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Pro Chess: The Video Chess Mentor DVD
Review from ChessCafe.com.

Reviewed by Stephen Higgins - January 8, 2003

One of the best instructional chess videos ever made has been reissued as a DVD, and the new format makes it an even better product than before. Previously available as a two-videotape VHS set, Pro Chess: The Video Chess Mentor has been converted to DVD, 15 years after the original came out.

The DVD format enhances Seirawan's work in two primary ways. First, it's far easier to find a chapter that you want to review. Rather than laboriously rewinding and searching a videotape, you simply go into the search menu and immediately go to any of the DVD's 44 chapters. Even better, if there is a section that particularly interests you, but it's not at the beginning of a chapter, you can jot down the time on the DVD "clock" and call up that exact point in the DVD at a later date. Similarly, it's easy to skip around from chapter to chapter on a DVD, like surfing TV channels.

Second, when you hit the pause button on a DVD player, you get a clear picture. I suppose some VCRs must offer the same level of service, but not one that I've ever had. When I hit "pause" on my VCR, I get a jumping, shaking mess on the screen. Lots of times when I'm watching a chess video I want to freeze the picture and analyze the position, and it doesn't usually work too well on my VCR. It's no problem with a DVD.

Plus, you can run a DVD on a computer as well as on a DVD player, with the right software. That might come in handy for players who use a lot of chess software and therefore have their computer set up next to their chess board and chess books.

Also, DVDs are designed to last far longer than videotapes, which are subject to wear and tear over the years. Even so, at $39.95 the DVD (now $29.95 as of 1/1/03) is much cheaper than buying both the videotapes, which cost $59.90 as a set (list price). Either way, Seirawan gives buyers their money's worth: At 3 hours 46 minutes, Pro Chess is nearly three times the length of most chess videos.

Watching the DVD is a real pleasure, since Seirawan is far more comfortable in front of the camera than most chess video hosts. I don't want to name any names, but some chess video hosts constantly dart their eyes around, speak in a droning monotone and generally come off stiff as a board.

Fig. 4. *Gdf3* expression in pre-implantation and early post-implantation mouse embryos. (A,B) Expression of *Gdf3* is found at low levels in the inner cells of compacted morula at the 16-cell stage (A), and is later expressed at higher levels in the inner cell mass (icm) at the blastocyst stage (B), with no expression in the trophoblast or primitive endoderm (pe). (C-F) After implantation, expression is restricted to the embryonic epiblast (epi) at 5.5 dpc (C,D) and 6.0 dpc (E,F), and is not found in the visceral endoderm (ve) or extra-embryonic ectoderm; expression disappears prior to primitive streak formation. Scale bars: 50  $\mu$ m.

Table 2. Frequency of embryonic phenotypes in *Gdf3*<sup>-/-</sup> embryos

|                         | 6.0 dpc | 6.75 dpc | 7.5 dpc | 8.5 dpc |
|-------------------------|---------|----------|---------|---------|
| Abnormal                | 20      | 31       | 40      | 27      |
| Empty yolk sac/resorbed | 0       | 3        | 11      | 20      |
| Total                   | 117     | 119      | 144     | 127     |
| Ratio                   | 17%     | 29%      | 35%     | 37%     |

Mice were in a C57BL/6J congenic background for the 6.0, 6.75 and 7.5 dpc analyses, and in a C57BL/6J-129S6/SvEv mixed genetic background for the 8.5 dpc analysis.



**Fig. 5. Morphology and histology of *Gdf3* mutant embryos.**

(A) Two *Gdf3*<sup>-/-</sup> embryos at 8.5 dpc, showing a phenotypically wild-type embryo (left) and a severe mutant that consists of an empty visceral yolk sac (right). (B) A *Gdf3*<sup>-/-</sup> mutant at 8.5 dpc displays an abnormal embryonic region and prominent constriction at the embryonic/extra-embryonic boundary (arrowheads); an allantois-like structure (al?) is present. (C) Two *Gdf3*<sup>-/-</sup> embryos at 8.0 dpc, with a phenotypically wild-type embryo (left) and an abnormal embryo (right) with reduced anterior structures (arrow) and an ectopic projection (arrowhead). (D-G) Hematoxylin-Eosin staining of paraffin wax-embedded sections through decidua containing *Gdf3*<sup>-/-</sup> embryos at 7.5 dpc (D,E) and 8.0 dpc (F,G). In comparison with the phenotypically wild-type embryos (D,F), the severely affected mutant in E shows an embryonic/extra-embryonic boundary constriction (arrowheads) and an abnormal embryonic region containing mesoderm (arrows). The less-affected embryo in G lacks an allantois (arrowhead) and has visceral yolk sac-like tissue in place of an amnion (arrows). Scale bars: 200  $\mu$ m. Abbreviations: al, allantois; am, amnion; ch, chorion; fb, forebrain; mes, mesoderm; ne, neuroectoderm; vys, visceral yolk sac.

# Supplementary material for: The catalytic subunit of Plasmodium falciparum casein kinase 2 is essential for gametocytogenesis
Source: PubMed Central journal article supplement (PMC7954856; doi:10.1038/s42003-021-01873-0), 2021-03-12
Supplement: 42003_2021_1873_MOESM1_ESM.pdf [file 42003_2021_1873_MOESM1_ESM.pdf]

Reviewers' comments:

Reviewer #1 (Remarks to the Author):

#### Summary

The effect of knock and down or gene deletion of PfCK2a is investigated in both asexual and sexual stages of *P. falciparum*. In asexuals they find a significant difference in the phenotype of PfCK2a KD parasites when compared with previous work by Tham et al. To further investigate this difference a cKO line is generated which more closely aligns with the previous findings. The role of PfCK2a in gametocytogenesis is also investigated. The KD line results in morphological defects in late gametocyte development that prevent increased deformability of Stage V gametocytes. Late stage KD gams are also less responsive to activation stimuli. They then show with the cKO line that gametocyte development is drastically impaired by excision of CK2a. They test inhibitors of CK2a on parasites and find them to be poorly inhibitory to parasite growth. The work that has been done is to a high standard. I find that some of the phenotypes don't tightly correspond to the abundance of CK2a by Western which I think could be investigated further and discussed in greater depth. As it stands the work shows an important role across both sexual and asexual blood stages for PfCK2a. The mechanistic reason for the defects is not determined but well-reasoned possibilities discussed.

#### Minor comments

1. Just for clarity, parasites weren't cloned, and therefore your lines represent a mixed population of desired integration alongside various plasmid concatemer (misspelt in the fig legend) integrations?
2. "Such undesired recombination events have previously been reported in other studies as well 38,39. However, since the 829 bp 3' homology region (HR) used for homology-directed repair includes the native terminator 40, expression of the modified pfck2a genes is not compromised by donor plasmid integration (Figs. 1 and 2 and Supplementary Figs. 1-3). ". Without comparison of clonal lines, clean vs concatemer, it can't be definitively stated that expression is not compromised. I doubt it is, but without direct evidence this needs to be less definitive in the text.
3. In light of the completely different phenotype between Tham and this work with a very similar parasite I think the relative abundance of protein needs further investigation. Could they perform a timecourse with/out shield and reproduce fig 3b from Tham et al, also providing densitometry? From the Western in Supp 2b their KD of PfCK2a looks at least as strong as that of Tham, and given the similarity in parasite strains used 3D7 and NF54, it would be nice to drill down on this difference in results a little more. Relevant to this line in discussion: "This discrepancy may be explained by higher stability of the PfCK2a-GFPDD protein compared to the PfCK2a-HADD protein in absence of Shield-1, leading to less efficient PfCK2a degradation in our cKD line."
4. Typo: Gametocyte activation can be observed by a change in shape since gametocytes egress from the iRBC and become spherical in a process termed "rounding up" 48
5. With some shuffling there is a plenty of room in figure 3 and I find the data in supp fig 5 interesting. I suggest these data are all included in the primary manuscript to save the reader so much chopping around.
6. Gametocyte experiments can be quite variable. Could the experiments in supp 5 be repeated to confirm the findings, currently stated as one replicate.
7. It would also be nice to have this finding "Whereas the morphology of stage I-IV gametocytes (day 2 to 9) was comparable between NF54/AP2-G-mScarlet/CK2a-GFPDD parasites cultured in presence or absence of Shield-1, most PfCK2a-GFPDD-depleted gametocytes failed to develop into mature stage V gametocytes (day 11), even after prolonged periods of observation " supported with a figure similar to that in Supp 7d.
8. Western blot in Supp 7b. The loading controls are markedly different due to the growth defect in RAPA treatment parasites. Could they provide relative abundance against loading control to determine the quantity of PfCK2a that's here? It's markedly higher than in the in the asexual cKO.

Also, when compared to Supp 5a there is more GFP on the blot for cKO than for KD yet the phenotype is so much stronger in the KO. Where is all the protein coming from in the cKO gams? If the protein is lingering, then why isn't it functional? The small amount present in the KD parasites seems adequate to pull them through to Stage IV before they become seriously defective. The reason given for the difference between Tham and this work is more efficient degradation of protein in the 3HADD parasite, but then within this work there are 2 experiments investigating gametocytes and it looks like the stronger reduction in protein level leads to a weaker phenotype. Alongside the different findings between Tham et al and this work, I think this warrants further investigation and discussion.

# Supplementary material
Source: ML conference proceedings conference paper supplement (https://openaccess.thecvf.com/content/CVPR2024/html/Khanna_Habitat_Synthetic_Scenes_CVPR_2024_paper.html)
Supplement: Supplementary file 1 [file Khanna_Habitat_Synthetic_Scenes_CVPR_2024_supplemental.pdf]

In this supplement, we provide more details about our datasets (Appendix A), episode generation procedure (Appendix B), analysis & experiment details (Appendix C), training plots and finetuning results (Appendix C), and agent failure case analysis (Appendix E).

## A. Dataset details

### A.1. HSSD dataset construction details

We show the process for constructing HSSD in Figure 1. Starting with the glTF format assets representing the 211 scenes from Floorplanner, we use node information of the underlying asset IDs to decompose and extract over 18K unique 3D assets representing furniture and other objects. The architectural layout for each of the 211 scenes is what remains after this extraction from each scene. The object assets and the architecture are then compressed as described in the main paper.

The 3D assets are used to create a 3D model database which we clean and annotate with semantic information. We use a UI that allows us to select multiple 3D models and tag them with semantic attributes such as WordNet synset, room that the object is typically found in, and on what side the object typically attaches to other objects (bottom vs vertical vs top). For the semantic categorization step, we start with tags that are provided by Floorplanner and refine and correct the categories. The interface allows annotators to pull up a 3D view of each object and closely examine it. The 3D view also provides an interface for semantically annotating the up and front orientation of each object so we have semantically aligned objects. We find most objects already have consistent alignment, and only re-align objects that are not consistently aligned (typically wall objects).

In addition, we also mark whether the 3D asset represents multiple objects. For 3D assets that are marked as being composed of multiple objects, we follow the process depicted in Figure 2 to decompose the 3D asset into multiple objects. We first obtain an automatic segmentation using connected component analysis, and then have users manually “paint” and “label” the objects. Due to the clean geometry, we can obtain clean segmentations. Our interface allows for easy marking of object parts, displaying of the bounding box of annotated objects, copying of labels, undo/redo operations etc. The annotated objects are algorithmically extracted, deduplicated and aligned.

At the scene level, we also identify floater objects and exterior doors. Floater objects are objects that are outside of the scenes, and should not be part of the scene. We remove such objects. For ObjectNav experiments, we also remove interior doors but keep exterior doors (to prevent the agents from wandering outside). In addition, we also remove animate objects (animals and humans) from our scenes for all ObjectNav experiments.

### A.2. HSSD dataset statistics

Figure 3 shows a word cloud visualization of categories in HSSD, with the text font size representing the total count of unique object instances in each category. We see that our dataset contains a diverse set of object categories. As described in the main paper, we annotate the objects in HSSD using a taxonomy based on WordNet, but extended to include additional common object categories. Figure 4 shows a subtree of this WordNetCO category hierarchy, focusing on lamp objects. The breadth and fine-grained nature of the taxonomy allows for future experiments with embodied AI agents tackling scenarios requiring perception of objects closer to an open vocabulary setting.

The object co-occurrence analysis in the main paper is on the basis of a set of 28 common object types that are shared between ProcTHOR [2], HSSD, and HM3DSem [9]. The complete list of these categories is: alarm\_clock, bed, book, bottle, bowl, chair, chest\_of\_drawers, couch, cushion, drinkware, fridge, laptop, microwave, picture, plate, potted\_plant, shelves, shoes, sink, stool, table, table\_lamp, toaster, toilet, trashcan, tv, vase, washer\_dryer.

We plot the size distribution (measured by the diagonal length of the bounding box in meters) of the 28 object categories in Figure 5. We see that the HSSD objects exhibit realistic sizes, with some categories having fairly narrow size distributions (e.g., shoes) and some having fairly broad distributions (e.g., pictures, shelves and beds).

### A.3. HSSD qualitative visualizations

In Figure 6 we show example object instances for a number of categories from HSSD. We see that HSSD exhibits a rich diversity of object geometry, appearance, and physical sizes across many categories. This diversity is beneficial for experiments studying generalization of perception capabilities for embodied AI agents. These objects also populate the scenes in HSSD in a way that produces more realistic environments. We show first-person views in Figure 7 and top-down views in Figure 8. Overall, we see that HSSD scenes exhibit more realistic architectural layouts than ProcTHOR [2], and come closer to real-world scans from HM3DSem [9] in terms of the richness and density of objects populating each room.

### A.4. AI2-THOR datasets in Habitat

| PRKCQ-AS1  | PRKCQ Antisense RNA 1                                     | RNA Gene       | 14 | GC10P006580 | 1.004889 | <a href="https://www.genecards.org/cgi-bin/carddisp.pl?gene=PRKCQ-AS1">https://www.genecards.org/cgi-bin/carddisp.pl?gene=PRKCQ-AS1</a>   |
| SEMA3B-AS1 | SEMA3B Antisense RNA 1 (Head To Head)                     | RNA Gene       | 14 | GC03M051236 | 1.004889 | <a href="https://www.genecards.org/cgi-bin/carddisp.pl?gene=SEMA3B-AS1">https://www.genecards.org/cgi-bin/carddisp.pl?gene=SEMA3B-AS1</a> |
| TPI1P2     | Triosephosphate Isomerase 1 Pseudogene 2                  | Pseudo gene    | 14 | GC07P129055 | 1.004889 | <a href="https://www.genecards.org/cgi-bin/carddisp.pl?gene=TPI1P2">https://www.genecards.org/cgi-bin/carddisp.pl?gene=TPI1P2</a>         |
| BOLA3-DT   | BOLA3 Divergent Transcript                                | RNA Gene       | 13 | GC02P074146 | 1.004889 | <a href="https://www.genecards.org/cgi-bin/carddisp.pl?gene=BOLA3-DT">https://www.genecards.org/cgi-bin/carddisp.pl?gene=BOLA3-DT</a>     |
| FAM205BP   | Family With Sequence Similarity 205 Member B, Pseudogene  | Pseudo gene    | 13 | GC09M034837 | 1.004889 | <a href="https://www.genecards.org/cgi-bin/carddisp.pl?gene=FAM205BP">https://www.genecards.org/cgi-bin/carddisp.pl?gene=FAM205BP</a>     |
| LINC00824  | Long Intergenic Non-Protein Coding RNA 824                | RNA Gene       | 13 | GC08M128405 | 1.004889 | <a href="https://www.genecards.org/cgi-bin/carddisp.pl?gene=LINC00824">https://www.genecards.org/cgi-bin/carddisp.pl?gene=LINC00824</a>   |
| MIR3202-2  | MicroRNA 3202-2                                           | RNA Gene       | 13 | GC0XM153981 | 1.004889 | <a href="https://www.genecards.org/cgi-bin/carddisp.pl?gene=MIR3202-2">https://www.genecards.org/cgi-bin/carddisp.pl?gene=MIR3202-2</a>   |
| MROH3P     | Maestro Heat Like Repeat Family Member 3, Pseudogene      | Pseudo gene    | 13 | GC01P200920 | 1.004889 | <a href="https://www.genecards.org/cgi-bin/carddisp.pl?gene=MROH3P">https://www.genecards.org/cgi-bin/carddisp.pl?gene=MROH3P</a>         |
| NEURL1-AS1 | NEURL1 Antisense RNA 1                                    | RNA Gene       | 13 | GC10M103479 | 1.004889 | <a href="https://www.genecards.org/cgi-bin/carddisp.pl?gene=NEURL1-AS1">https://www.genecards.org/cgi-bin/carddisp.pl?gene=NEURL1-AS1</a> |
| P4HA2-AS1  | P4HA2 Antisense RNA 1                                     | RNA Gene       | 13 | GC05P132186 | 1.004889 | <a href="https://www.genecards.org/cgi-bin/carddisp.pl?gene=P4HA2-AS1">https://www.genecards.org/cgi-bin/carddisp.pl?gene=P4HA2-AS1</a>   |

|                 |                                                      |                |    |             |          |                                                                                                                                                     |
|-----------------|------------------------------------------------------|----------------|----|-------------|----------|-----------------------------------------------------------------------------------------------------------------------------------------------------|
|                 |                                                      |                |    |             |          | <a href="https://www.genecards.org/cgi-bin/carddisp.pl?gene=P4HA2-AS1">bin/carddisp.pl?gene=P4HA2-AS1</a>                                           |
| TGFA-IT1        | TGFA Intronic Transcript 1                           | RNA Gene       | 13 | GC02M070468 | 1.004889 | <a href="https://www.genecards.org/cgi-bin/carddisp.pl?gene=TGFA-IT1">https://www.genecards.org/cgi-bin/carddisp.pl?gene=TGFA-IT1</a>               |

While Seirawan may not achieve the standards of a professional actor or news anchor, he comes pretty close. He maintains eye contact with the viewer and speaks in a relaxed, friendly manner. His movements are fluid and he appears to be enjoying himself.

Unlike many chess videos that feature a host, a "slotted" demonstration board and nothing else, Pro Chess goes much further. Most chapters are introduced with a position set up on a wooden chess set, with Seirawan explaining the theme to be explored. Then the camera pans over to a series of over-sized magnetic demonstration boards that make it very easy to follow Seirawan's explanations. These demonstration boards, with variations already set up on adjacent demo boards, are the heart of the video. But it doesn't stop there. At many points, video of a live chess game usually starting from the position on the demo board comes up on the screen, with Seirawan's voice explaining the action.

For Pro Chess, Seirawan's team filmed him in action at the U.S. Blitz Championship, the World Open and at two simultaneous exhibitions. Many of the examples he uses to illustrate various themes were taken from these games, and it's very interesting to move from watching a demo board to watching the same position being played out over the board, often at blitz speed.